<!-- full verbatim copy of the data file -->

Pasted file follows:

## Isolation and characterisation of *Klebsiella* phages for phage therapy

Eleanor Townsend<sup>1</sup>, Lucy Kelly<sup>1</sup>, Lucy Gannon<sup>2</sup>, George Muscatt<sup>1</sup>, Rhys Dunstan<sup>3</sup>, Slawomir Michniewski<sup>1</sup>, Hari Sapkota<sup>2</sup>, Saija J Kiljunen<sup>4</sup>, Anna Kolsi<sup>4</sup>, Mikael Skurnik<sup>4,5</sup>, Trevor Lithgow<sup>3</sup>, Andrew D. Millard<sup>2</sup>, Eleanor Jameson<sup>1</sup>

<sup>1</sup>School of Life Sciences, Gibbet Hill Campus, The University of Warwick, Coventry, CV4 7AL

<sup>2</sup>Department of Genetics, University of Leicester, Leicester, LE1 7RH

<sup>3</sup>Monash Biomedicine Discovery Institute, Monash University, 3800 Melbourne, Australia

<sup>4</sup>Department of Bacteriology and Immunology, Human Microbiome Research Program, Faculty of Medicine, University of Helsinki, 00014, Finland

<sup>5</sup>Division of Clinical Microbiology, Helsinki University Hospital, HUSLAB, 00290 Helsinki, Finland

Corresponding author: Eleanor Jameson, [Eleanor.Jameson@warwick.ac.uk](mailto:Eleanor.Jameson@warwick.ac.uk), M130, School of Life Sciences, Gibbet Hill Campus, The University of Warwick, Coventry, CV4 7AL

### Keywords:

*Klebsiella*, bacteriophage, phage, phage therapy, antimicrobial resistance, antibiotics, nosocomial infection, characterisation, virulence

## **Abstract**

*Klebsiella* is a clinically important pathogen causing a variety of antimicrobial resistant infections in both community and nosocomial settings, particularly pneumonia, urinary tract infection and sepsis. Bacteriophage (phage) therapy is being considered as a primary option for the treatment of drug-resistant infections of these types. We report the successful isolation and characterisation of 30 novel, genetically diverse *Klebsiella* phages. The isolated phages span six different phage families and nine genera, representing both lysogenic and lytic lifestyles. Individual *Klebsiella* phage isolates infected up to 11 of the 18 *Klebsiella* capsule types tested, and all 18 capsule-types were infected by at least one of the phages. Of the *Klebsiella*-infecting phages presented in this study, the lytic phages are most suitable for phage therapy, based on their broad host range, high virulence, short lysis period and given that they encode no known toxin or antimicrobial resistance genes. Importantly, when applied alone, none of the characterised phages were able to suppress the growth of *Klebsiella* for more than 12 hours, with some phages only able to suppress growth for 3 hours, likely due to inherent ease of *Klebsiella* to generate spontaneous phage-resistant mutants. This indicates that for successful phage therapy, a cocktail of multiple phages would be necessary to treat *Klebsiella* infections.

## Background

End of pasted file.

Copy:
## Isolation and characterisation of *Klebsiella* phages for phage therapy

Eleanor Townsend<sup>1</sup>, Lucy Kelly<sup>1</sup>, Lucy Gannon<sup>2</sup>, George Muscatt<sup>1</sup>, Rhys Dunstan<sup>3</sup>, Slawomir Michniewski<sup>1</sup>, Hari Sapkota<sup>2</sup>, Saija J Kiljunen<sup>4</sup>, Anna Kolsi<sup>4</sup>, Mikael Skurnik<sup>4,5</sup>, Trevor Lithgow<sup>3</sup>, Andrew D. Millard<sup>2</sup>, Eleanor Jameson<sup>1</sup>

<sup>1</sup>School of Life Sciences, Gibbet Hill Campus, The University of Warwick, Coventry, CV4 7AL

<sup>2</sup>Department of Genetics, University of Leicester, Leicester, LE1 7RH

<sup>3</sup>Monash Biomedicine Discovery Institute, Monash University, 3800 Melbourne, Australia

<sup>4</sup>Department of Bacteriology and Immunology, Human Microbiome Research Program, Faculty of Medicine, University of Helsinki, 00014, Finland

<sup>5</sup>Division of Clinical Microbiology, Helsinki University Hospital, HUSLAB, 00290 Helsinki, Finland

Corresponding author: Eleanor Jameson, [Eleanor.Jameson@warwick.ac.uk](mailto:Eleanor.Jameson@warwick.ac.uk), M130, School of Life Sciences, Gibbet Hill Campus, The University of Warwick, Coventry, CV4 7AL

### Keywords:

*Klebsiella*, bacteriophage, phage, phage therapy, antimicrobial resistance, antibiotics, nosocomial infection, characterisation, virulence

## **Abstract**

*Klebsiella* is a clinically important pathogen causing a variety of antimicrobial resistant infections in both community and nosocomial settings, particularly pneumonia, urinary tract infection and sepsis. Bacteriophage (phage) therapy is being considered as a primary option for the treatment of drug-resistant infections of these types. We report the successful isolation and characterisation of 30 novel, genetically diverse *Klebsiella* phages. The isolated phages span six different phage families and nine genera, representing both lysogenic and lytic lifestyles. Individual *Klebsiella* phage isolates infected up to 11 of the 18 *Klebsiella* capsule types tested, and all 18 capsule-types were infected by at least one of the phages. Of the *Klebsiella*-infecting phages presented in this study, the lytic phages are most suitable for phage therapy, based on their broad host range, high virulence, short lysis period and given that they encode no known toxin or antimicrobial resistance genes. Importantly, when applied alone, none of the characterised phages were able to suppress the growth of *Klebsiella* for more than 12 hours, with some phages only able to suppress growth for 3 hours, likely due to inherent ease of *Klebsiella* to generate spontaneous phage-resistant mutants. This indicates that for successful phage therapy, a cocktail of multiple phages would be necessary to treat *Klebsiella* infections.

## Background